In Captured Britons' Home Port, Fury With Iran Is Personal

"If I were in charge," said John Alexander, a retired fisherman in Plymouth, southwestern England, "the special forces would have been there already." (By Kevin Sullivan -- The Washington Post)
By Kevin Sullivan and Mary Jordan
Washington Post Foreign Service
Saturday, March 31, 2007

PLYMOUTH, England, March 30 -- Down at Cap'n Jaspers, a harbor-front burger joint, the anger was raw Friday over Iran's detention of 15 British sailors and marines -- especially Faye Turney, who lives in this military town in southwestern England with her husband and 3-year-old daughter.

"What Iran is doing is immoral," said John Alexander, 63, a retired scallop fisherman. "If I were in charge, the special forces would have been there already, and I would have been the first one in."

A week after Iran seized the Britons in the Persian Gulf, military and diplomatic analysts in Britain said early hopes that the incident would be resolved quickly are fading. Whether the British sailors entered Iranian waters or not -- a point upon which officials in London and Tehran sharply disagree -- analysts said that it now appears Iran planned the seizure of the Britons and that what initially seemed like a diplomatic spat now looks more like a hostage crisis.

"I think it was a calculated move, though I don't think it was a smart one," said Michael Williams, a foreign policy analyst at the Royal United Services Institute for Defense and Security Studies in London. Williams said that many people in the Middle East would applaud Iran for "standing up" to Britain and "sticking a finger in the eye of the West."

But the motives behind Iran's action, which European Union foreign ministers on Friday called a "clear breach of international law," remain unclear. Iran could be retaliating for the U.S. seizure of five Iranian Revolutionary Guard intelligence operatives in Iraq in January or it could be venting frustration with U.N. sanctions over its nuclear program, analysts said. Others said Iran could simply be playing to public sentiment in the Middle East, where taunting the British is seen as implicitly standing up to the United States.

Laleh Khalili, an Iranian American and lecturer in Middle Eastern politics at the University of London, said she believed the Iranian seizure of the Britons was "premeditated," especially since it has dragged out, with the captives being shown on Iranian state television and used to deliver political statements. Khalili said that because there has been so little communication from Iran, it is difficult to say what point Iranian officials want to make.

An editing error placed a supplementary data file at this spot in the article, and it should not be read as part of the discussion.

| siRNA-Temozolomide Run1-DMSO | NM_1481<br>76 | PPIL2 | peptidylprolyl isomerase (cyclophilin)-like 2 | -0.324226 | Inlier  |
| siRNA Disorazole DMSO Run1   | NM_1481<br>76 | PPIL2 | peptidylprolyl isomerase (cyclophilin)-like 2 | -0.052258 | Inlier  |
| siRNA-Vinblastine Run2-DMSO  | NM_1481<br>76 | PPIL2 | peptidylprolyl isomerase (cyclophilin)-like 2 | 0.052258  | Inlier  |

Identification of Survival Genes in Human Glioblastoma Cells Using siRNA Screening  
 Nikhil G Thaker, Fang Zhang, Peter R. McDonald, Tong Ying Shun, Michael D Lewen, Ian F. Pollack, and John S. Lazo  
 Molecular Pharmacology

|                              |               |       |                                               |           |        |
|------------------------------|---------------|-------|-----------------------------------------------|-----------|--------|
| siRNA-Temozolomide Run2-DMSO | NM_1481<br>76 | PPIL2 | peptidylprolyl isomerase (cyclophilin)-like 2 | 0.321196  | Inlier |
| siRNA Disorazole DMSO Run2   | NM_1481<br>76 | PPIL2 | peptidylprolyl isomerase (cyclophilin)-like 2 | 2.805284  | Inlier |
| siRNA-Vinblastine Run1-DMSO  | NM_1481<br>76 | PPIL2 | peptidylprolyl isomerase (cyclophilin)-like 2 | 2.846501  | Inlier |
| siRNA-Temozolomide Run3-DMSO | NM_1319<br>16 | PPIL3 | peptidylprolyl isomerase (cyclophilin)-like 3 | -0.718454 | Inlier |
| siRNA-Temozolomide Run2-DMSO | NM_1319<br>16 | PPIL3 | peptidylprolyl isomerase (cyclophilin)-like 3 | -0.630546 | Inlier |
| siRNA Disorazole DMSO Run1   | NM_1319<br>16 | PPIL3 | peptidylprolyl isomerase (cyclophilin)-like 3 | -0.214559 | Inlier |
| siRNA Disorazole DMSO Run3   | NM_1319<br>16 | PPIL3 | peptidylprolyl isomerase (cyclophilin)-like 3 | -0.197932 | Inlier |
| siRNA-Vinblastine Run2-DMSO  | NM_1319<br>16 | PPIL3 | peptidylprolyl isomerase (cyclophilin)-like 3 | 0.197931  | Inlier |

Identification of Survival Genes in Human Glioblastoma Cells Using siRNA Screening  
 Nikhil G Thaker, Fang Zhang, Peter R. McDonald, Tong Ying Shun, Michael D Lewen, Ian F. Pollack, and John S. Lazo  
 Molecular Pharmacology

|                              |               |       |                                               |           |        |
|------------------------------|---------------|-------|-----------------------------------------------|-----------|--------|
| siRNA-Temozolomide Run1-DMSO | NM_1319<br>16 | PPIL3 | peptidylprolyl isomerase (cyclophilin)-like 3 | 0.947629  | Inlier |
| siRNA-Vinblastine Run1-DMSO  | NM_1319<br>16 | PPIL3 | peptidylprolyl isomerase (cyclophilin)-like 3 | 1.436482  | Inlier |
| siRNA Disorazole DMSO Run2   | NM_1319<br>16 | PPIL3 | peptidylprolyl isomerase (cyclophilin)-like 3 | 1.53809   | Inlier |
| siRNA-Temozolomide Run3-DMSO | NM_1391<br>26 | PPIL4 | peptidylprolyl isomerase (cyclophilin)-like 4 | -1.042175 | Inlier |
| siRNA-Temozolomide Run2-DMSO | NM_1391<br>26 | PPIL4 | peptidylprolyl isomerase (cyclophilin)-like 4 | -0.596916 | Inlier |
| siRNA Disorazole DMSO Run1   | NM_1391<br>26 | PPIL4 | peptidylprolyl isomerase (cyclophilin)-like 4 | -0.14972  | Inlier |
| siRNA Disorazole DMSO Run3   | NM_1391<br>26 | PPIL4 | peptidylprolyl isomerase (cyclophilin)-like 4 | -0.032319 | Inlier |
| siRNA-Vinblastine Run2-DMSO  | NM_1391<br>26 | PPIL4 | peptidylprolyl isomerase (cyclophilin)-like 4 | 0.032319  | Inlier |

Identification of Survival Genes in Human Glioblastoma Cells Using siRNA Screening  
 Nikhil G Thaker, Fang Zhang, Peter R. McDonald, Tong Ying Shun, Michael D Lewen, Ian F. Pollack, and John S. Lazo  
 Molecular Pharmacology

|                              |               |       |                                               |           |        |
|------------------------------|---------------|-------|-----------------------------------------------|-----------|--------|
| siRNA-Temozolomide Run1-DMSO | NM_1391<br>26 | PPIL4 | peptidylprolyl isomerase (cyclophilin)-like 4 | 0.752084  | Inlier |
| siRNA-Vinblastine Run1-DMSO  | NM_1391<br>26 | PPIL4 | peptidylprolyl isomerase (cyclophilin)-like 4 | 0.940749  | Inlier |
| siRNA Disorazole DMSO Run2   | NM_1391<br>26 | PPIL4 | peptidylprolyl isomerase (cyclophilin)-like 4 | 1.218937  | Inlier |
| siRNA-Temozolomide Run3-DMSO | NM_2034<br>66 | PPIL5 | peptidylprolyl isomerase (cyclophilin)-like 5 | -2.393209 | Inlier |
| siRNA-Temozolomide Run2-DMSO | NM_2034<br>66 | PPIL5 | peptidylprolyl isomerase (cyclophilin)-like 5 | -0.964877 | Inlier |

Whatever the motive, Iran is faring well in the public relations battle in the Middle East, she said. While many in the West accept the British government's version of events, a great number of people in Arab countries believe Iran is telling the truth. Khalili said many people in the Middle East are "profoundly suspicious" of the British, because of their historical role as a colonial power in the region and because of the "very recent history of false information about the Iraq war."

On Friday, the Tehran government continued to press a propaganda offensive centering on video footage and letters in which the detained British sailors purportedly acknowledge that they illegally trespassed into Iranian waters. Iranian state television showed footage of British marine Nathan Thomas Summers saying he apologized "deeply" for entering Iranian waters. "We trespassed without permission," Summers said on the tape. It was impossible to verify whether Summers had been coerced, but Prime Minister Tony Blair reacted with exasperation, like many people in this city, home to the largest naval base in Western Europe.

"I don't know why the Iranian regime keeps doing this -- all it does is heighten people's sense of disgust," Blair said. "Captured personnel being paraded and manipulated in this way, it doesn't fool anyone."

Iranian officials released a letter they said was written by Turney, the third such letter in three days, in which the 26-year-old sailor allegedly tells "the British people" that she has been "sent to Iraq, sacrificed due to the intervening policies of the Bush and Blair governments." The letter says she is "deeply sorry" for trespassing and "thankful" for the "caring, compassionate, hospitable and friendly" Iranian people. And it states, "I believe that for our countries to move forward we need to start withdrawing our forces from Iraq and leave the people of Iraq to start re-building their lives."

The letter also mentions prisoner abuse at Abu Ghraib prison: "Whereas we hear and see on the news the way prisoners were treated" there by British and American personnel, "I have received total respect and faced no harm."

On the streets of Plymouth, the home port of the HMS Cornwall, the frigate Turney and the 14 other British naval personnel were returning to when they were captured March 23, people said they believed the letters were coerced and contained awkward language that a young British woman would never use.


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